Frequently Asked Questions
How did you select the parties to compare?
CTP will initially focus on the Scottish Parliament's five political parties elected in 2007. We aim to expand to Welsh and Northern Irish parties. With 18 registered parties in Scotland and 159 across the UK as of February 2011, there are too many to compare on this site but we hope to expand our coverage.
Why have you excluded independent candidates?
Because of the number in any election, and the local nature of their campaigns, it is not possible to include them on this site. However, individuals who commit their time and energy to fighting for constituencies should be commended for their efforts. And we would encourage voters to give independent candidates the same consideration they would give any party candidate. While we focus on national issues, it is important to ask your candidates about their views on local issues that matter.
How did you select the policies to compare?
Every party has multiple policies and each of those has many specific policies. Our starting point is policy areas common to as many parties as possible. As of February 2011, Scottish Labour has the most with 11 policy areas. Scottish Conservatives and Scottish Liberal Democrats list no policies, but do have "campaigns" and "blogs". We only compare "policies" to ensure voters can compare like-for-like. Remember that every party has multiple ideas and proposals on many policy areas, often described in different ways. We encourage voters to look in depth at all party policies to answer the questions you have on specific issues.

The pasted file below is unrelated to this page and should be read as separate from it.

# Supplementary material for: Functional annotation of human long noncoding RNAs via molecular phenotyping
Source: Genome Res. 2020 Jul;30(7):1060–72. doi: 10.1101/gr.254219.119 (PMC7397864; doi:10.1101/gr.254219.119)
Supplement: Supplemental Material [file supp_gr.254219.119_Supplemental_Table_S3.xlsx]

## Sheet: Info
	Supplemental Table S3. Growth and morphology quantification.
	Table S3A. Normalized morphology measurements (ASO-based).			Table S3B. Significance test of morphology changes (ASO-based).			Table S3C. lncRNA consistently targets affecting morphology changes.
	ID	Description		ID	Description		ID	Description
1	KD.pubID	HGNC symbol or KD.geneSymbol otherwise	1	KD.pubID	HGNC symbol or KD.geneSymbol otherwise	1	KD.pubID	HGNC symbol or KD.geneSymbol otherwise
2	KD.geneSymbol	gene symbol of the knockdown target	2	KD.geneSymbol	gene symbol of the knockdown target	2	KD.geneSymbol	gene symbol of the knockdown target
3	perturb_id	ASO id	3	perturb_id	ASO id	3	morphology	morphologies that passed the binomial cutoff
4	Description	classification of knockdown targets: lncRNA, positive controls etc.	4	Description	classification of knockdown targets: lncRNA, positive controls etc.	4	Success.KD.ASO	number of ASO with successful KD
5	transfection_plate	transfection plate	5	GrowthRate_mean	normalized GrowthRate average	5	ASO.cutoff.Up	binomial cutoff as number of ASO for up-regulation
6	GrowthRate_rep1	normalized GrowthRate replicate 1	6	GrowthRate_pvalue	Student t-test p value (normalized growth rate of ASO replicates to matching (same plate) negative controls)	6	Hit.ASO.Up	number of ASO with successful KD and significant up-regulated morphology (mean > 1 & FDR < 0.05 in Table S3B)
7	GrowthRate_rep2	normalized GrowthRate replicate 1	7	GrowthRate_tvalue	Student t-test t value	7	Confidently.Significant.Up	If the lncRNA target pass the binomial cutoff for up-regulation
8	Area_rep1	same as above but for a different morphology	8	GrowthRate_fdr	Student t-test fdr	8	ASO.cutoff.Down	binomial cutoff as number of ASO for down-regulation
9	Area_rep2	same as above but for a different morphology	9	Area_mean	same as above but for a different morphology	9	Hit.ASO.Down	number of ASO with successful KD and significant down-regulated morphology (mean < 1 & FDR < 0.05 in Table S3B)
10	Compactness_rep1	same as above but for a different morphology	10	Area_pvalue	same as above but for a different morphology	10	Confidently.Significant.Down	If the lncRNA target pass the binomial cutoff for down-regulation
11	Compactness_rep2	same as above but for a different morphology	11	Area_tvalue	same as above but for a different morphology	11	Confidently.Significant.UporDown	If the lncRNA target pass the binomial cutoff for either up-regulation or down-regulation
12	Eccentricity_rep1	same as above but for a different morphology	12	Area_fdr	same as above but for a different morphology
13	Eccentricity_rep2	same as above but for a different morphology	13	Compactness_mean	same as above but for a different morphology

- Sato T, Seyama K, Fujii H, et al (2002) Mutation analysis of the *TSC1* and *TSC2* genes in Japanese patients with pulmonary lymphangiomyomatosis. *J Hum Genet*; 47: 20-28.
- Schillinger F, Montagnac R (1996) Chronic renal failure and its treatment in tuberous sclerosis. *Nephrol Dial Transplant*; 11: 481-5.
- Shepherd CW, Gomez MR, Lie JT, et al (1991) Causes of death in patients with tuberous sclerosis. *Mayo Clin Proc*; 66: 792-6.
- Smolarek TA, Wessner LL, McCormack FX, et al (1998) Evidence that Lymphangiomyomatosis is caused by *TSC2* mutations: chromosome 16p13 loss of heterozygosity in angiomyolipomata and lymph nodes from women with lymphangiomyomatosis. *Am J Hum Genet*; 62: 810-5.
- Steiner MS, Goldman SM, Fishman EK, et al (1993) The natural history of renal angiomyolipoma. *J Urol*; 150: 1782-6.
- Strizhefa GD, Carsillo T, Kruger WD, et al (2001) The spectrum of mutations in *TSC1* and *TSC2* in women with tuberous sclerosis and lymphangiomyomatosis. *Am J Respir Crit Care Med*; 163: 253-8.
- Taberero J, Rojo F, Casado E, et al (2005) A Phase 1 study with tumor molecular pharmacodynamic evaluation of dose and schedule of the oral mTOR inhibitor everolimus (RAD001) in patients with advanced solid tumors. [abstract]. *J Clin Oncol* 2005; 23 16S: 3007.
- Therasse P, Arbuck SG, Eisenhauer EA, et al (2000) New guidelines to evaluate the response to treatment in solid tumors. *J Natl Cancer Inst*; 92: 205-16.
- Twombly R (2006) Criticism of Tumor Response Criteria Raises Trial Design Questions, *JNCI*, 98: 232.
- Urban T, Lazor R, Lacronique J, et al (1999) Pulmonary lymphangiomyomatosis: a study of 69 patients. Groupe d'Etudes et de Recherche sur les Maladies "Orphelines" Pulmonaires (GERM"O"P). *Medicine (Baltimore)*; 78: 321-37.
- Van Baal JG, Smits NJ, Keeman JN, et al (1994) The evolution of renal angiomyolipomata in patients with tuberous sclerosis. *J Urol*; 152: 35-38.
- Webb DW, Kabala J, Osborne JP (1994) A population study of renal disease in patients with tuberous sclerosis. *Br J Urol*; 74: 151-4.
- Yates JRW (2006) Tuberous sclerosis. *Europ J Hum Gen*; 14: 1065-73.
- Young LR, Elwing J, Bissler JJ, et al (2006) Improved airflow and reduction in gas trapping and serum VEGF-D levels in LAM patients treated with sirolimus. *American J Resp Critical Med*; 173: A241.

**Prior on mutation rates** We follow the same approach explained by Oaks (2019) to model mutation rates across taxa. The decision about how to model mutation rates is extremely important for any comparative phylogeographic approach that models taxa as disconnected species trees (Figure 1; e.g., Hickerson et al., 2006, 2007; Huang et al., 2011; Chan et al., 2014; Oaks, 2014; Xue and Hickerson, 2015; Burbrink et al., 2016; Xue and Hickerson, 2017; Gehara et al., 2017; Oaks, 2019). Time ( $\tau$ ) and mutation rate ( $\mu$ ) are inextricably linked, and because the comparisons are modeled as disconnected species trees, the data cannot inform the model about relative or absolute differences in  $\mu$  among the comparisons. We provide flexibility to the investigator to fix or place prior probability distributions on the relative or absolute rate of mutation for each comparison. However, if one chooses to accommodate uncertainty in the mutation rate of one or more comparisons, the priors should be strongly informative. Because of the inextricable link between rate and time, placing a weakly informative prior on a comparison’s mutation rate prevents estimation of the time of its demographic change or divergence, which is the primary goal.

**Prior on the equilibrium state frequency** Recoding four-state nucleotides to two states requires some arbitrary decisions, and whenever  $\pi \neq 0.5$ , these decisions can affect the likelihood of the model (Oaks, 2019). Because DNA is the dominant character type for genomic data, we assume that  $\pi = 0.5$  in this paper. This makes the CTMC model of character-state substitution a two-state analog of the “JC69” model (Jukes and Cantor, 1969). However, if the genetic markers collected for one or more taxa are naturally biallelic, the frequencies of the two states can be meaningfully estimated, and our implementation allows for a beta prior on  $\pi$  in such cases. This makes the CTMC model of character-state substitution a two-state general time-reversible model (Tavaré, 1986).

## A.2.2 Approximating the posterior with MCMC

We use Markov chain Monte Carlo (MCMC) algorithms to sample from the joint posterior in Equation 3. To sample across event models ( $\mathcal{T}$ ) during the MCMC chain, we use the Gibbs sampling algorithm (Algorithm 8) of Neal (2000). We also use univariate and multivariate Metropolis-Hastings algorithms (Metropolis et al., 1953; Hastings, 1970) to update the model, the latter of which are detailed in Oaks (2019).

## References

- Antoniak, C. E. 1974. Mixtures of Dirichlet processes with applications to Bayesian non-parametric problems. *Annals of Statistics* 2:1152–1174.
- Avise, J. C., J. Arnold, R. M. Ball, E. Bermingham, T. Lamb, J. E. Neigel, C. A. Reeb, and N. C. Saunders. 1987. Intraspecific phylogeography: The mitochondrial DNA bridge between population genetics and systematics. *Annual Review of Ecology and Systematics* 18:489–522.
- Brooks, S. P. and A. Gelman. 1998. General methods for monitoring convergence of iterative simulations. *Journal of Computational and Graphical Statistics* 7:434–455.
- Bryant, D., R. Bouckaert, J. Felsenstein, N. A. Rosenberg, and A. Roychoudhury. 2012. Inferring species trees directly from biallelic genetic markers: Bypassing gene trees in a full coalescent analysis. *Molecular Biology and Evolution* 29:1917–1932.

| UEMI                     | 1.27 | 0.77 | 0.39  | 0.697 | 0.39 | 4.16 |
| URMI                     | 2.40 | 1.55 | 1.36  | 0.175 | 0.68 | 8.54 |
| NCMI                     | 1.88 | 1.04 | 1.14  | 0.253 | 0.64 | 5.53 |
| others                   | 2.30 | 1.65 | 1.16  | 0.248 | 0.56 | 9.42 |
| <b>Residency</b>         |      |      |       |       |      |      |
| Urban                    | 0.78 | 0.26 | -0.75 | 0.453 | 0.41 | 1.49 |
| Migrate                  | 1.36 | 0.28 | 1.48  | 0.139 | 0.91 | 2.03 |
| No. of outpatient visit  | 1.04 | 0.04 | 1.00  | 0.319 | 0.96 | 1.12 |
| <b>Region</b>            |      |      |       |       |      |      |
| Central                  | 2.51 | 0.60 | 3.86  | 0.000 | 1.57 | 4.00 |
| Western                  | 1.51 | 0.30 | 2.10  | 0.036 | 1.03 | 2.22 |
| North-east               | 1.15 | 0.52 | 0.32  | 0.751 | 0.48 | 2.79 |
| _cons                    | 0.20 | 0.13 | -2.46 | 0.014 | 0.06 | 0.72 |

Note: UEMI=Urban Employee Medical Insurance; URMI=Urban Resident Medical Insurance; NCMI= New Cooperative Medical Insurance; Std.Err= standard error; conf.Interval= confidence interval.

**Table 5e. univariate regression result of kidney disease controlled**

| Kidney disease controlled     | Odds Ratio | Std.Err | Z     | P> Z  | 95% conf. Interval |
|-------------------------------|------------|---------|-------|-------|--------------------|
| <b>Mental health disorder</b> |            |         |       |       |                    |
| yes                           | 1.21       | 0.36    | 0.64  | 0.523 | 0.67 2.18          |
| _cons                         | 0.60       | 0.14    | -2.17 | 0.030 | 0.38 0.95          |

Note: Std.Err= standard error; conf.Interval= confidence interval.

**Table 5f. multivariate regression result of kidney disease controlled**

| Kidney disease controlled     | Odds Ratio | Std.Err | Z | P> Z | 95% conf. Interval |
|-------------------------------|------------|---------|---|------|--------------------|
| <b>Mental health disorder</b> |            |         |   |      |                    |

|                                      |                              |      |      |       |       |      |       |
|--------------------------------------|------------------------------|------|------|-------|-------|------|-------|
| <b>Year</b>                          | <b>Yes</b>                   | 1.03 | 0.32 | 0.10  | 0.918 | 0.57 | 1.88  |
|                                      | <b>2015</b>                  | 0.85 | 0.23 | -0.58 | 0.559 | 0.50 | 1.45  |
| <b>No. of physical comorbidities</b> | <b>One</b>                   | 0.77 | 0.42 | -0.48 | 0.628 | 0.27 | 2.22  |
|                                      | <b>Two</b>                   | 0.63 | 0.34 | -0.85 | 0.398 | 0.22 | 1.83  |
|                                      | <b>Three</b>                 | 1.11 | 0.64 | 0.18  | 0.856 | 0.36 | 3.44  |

Why should I look beyond the main parties when it seems the same ones always win?
The suggestion that you must vote a certain way, or to tell voters in any way that they "cannot vote for party A or B" is contrary to the tenets of democracy. Scotland has twice had Labour-LibDem coalitions, Wesminster currently has a coalition, and most Scottish councils have all manner of combinations of parties. It is your choice who to vote for, and the politicians must work with whatever representation the people decide upon.
Politicians are all the same - why should I bother?
Some parties do broadly agree with others on some policies, but not on all issues. So it is important to examine the policies on party websites and manifestos when published about issues you feel strongly about. The only way to improve democracy is to engage with it - attend meetings/hustings, talk to the candidates in your area, and most importantly, vote. CTP believes everyone should exercise their right to vote - we aim to make it easier to compare the parties to find the representatives you want to vote for.
Who is behind Comparetheparties.co.uk?
CTP was set up by freelance reporter Tristan Stewart-Robertson of W5 Press Agency. He is a Canadian citizen living in the UK since 2001 and voting enthusiastically in each possible election. However, CTP aims to be as politically neutral as possible.